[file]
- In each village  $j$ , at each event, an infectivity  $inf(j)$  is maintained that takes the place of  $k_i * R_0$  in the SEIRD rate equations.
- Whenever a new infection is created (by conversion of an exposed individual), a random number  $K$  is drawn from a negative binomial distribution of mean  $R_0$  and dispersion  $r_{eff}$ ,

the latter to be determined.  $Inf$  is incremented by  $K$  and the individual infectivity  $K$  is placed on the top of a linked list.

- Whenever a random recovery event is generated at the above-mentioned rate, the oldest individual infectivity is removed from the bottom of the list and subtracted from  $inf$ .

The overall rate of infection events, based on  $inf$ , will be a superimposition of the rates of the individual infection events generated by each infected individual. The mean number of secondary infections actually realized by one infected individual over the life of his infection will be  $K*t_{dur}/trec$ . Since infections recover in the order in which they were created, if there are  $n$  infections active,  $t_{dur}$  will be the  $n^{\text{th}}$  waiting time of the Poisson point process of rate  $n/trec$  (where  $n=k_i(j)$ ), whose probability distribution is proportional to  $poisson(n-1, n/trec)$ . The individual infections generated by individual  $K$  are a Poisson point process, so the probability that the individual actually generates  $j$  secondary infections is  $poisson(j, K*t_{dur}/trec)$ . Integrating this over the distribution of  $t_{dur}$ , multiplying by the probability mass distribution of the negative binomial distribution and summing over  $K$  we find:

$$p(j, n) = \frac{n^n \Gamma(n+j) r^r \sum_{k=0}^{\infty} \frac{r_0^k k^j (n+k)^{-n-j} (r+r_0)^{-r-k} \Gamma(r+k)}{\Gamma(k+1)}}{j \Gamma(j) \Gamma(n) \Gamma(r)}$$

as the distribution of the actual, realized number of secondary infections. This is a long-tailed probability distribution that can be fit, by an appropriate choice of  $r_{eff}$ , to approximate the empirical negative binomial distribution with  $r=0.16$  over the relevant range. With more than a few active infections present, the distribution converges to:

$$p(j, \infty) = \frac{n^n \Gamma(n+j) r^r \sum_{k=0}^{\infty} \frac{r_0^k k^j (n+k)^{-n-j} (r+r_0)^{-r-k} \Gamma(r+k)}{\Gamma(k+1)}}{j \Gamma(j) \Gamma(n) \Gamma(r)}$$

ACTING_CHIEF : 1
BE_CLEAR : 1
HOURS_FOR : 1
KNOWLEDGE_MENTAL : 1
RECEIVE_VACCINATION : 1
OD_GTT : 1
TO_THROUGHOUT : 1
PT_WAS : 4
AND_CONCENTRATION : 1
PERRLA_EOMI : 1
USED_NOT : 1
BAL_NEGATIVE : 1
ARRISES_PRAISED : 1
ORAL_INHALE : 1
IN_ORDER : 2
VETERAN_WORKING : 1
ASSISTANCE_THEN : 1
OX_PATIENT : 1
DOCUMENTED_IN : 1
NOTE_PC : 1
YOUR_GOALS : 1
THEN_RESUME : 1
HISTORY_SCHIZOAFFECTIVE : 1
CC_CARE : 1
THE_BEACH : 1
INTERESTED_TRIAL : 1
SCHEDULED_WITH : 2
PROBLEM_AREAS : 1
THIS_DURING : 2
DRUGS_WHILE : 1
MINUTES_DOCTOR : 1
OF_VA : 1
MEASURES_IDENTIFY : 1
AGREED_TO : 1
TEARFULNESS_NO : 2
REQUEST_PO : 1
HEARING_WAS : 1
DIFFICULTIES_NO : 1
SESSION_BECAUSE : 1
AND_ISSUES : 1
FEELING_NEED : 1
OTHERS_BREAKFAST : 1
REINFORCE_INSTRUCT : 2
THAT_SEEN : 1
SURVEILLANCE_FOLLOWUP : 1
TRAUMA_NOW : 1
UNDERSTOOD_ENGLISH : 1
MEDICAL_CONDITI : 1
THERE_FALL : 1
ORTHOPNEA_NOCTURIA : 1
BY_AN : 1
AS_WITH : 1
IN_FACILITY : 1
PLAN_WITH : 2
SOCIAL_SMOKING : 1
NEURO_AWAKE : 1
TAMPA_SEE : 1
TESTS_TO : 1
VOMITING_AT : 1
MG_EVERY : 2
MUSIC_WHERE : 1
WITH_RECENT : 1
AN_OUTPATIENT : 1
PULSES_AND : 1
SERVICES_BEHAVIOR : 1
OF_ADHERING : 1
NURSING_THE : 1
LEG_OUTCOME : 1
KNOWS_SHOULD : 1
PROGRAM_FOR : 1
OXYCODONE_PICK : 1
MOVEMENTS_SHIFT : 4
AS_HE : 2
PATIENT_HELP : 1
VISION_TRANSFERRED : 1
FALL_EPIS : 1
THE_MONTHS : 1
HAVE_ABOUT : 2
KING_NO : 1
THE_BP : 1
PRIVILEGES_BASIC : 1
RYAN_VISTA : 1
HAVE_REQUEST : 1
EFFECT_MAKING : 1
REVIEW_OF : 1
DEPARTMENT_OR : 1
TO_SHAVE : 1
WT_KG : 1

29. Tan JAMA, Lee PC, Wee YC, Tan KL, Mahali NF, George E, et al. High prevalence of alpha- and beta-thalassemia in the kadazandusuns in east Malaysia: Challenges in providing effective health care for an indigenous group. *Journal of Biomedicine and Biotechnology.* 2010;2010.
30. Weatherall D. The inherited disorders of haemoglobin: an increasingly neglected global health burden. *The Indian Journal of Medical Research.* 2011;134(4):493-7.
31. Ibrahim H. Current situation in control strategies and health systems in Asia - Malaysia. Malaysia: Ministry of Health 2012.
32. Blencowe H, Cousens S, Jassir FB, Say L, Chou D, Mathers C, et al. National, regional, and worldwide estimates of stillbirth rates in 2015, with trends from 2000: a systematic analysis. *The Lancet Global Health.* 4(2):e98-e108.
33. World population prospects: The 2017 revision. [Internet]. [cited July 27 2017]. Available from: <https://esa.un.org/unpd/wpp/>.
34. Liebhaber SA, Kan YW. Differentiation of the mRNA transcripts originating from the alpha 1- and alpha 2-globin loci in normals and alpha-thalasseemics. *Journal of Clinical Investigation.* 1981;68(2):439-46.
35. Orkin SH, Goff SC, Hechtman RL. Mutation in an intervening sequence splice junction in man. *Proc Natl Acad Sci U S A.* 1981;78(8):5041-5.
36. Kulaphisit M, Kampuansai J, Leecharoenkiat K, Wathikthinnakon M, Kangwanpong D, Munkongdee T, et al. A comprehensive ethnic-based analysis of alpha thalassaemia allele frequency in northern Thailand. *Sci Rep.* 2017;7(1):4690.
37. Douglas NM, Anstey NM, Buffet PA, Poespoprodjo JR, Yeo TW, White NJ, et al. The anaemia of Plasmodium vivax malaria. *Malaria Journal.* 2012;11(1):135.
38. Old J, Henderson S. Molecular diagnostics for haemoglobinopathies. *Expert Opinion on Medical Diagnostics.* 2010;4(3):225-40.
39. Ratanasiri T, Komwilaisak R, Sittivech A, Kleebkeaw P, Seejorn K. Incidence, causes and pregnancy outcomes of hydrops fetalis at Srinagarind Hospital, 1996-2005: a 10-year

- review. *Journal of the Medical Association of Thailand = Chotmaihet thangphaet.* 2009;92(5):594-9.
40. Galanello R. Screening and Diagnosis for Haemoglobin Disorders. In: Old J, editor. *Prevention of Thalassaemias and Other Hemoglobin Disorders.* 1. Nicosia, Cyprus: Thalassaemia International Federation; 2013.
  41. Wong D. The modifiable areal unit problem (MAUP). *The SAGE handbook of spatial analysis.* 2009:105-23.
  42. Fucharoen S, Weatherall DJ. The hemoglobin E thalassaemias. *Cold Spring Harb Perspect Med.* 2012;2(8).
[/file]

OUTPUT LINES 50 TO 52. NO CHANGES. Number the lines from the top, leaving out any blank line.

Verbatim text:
OTHERS_BREAKFAST : 1
REINFORCE_INSTRUCT : 2
THAT_SEEN : 1